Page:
DUTIES OF THE TEACHER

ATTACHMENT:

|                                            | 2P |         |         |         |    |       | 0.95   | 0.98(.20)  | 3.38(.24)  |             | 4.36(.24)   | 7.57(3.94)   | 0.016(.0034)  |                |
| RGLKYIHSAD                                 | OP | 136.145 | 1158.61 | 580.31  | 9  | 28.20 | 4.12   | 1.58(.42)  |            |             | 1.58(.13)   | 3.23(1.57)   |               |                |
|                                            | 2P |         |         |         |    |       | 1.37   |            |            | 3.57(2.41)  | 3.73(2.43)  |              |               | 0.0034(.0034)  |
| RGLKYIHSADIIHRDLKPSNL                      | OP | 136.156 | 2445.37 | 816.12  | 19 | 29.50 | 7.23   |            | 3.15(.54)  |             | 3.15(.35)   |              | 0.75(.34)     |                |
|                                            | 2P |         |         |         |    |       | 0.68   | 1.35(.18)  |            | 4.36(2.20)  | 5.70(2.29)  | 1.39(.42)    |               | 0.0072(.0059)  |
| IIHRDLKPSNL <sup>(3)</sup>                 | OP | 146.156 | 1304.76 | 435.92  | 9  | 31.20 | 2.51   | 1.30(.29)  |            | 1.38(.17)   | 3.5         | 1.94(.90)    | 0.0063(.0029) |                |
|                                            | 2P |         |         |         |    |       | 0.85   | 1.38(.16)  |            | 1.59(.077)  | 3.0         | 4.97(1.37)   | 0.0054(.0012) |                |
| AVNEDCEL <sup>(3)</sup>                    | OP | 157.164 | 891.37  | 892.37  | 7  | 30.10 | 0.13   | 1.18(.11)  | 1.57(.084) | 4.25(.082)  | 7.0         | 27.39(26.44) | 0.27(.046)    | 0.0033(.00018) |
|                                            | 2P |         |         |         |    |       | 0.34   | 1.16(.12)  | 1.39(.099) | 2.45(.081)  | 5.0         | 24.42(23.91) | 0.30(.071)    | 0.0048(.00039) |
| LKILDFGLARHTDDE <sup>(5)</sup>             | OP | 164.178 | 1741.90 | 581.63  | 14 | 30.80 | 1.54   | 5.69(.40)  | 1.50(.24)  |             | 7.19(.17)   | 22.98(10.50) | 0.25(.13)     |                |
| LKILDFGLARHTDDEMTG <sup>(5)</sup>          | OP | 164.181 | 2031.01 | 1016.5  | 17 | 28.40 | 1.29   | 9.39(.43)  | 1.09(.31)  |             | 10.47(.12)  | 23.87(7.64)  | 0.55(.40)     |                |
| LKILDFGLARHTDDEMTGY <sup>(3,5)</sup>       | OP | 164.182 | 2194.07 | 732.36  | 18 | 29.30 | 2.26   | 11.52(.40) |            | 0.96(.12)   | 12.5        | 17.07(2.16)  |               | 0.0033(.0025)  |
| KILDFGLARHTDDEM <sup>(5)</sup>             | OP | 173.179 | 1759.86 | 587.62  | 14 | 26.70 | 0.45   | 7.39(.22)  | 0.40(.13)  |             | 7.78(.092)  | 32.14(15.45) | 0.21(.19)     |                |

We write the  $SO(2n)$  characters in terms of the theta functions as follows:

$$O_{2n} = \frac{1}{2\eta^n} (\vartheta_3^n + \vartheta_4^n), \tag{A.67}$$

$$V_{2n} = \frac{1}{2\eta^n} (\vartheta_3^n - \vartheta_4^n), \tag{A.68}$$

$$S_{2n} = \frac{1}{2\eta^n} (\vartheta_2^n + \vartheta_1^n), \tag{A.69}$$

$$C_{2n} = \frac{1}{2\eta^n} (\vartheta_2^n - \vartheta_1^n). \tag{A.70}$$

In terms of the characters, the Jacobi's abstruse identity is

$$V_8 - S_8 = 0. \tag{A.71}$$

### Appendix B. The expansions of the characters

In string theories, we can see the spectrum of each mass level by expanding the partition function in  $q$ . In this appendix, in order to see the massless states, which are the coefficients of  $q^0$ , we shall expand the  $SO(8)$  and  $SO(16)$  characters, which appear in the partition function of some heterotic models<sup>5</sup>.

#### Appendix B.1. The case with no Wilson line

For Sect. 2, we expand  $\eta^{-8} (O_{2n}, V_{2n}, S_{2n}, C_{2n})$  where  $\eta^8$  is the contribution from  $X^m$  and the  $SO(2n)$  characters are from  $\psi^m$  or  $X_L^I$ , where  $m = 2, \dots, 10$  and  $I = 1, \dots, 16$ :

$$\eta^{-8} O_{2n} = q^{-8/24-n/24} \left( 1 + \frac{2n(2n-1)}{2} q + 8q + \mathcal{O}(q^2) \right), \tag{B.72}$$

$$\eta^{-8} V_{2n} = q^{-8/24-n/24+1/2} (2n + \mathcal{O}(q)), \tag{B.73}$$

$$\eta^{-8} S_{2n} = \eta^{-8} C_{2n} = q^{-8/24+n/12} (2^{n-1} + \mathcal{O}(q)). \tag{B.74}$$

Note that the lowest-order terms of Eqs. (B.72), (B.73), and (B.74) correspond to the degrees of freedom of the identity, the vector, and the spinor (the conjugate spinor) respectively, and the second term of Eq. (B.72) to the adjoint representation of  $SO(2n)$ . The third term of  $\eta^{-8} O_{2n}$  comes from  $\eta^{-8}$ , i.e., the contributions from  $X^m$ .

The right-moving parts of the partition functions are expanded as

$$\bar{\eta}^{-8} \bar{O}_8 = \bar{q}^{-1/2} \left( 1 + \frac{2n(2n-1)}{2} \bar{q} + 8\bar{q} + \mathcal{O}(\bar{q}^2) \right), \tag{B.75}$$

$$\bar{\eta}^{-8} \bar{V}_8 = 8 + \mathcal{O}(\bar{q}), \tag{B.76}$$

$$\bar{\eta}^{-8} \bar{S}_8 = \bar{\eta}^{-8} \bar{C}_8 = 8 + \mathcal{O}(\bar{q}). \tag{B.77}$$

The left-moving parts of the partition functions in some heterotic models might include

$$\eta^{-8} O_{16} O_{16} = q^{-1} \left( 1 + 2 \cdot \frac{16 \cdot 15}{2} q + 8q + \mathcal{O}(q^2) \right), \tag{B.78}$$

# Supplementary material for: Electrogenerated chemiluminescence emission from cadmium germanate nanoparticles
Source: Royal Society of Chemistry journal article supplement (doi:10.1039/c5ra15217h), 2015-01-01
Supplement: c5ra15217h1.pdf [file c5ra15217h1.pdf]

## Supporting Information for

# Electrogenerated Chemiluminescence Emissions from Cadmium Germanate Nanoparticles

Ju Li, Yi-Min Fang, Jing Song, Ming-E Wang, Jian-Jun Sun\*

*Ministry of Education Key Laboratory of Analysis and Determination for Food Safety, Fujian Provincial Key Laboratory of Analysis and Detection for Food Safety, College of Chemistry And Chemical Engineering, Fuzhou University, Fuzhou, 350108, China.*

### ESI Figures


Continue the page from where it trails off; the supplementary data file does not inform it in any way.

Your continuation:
Michael Scriven This checklist consists of the headings from a long analysis of this topic, consisting of the checklist plus explanatory text for each of the checkpoints (Journal of Personnel Evaluation in Education, 1994, vol. 8, no.2, pp.151-184). The checklist provides a good overview of the whole approach, however, and is based on a complex evaluative theory, which includes, for example, the ethical principle that one cannot evaluate teachers by looking at the teaching style they employ, except insofar as this is prescribed by the accepted duties of a teacher. They can use much or little lecturing, question asking, etc., no matter what the research shows, just so long as they successfully cause the acquisition of valuable knowledge, skills, and attitudes in the areas for which they are responsible, at a rate that is appropriate or better for comparable students, within current ethical, resource, and legal parameters. Teachers have no duty to teach using a particular style, only to teach successfully. It is weakly sequential because there are socio-political reasons for each item’s placement; e.g., the main reason for placing item 1 first was the perceived climate for acceptance by school boards, state and federal agencies, and parents. 1. KNOWLEDGE OF SUBJECT MATTER A. In the field(s) of appointment, e.g., middle school mathematics B. In across-the-curriculum subjects, e.g., composition, spelling 2. INSTRUCTIONAL COMPETENCE A. Communication skills (use of age-appropriate vocabulary, examples, inflection, body language) B. Management skills a. Management of (classroom) process, including discipline b. Management of (individual student’s educational) progress c. Management of emergencies (fire, tornado, earthquake, flood, stroke, violent attack) C. Course construction and improvement skills a. Course planning b. Selection and creation of materials c. Use of special resources i. Local sites ii. Media iii. Specialists d. Evaluation of the course, teaching, materials, and curriculum 3. ASSESSMENT COMPETENCE A. Knowledge about student assessment options B. Test construction and administration skills C. Grading, ranking, scoring practices a. Process (doing it correctly, i.e., using scoring keys, blind scoring) b. Output (the results meet appropriate standards, e.g., (usually) not all As or all Fs) D. Recording and reporting student achievement a. Knowledge about options and obligations in reporting achievement b. Good reporting process (to students, administrators, parents, authorized others) 4. PROFESSIONALISM A. Professional ethics B. Professional attitude C. Professional development D. Service to the profession (some but not each of the following) a. Knowledge about the profession b. Helping beginners and peers c. Working for professional organizations d. Research on teaching E. Knowledge of duties F. Knowledge about the school and its community 5. NONSTANDARD BUT CONTRACTUAL DUTIES e.g., supervision of chapel services in a religious school Evaluation Checklists Project www.wmich.edu/evalctr/checklists

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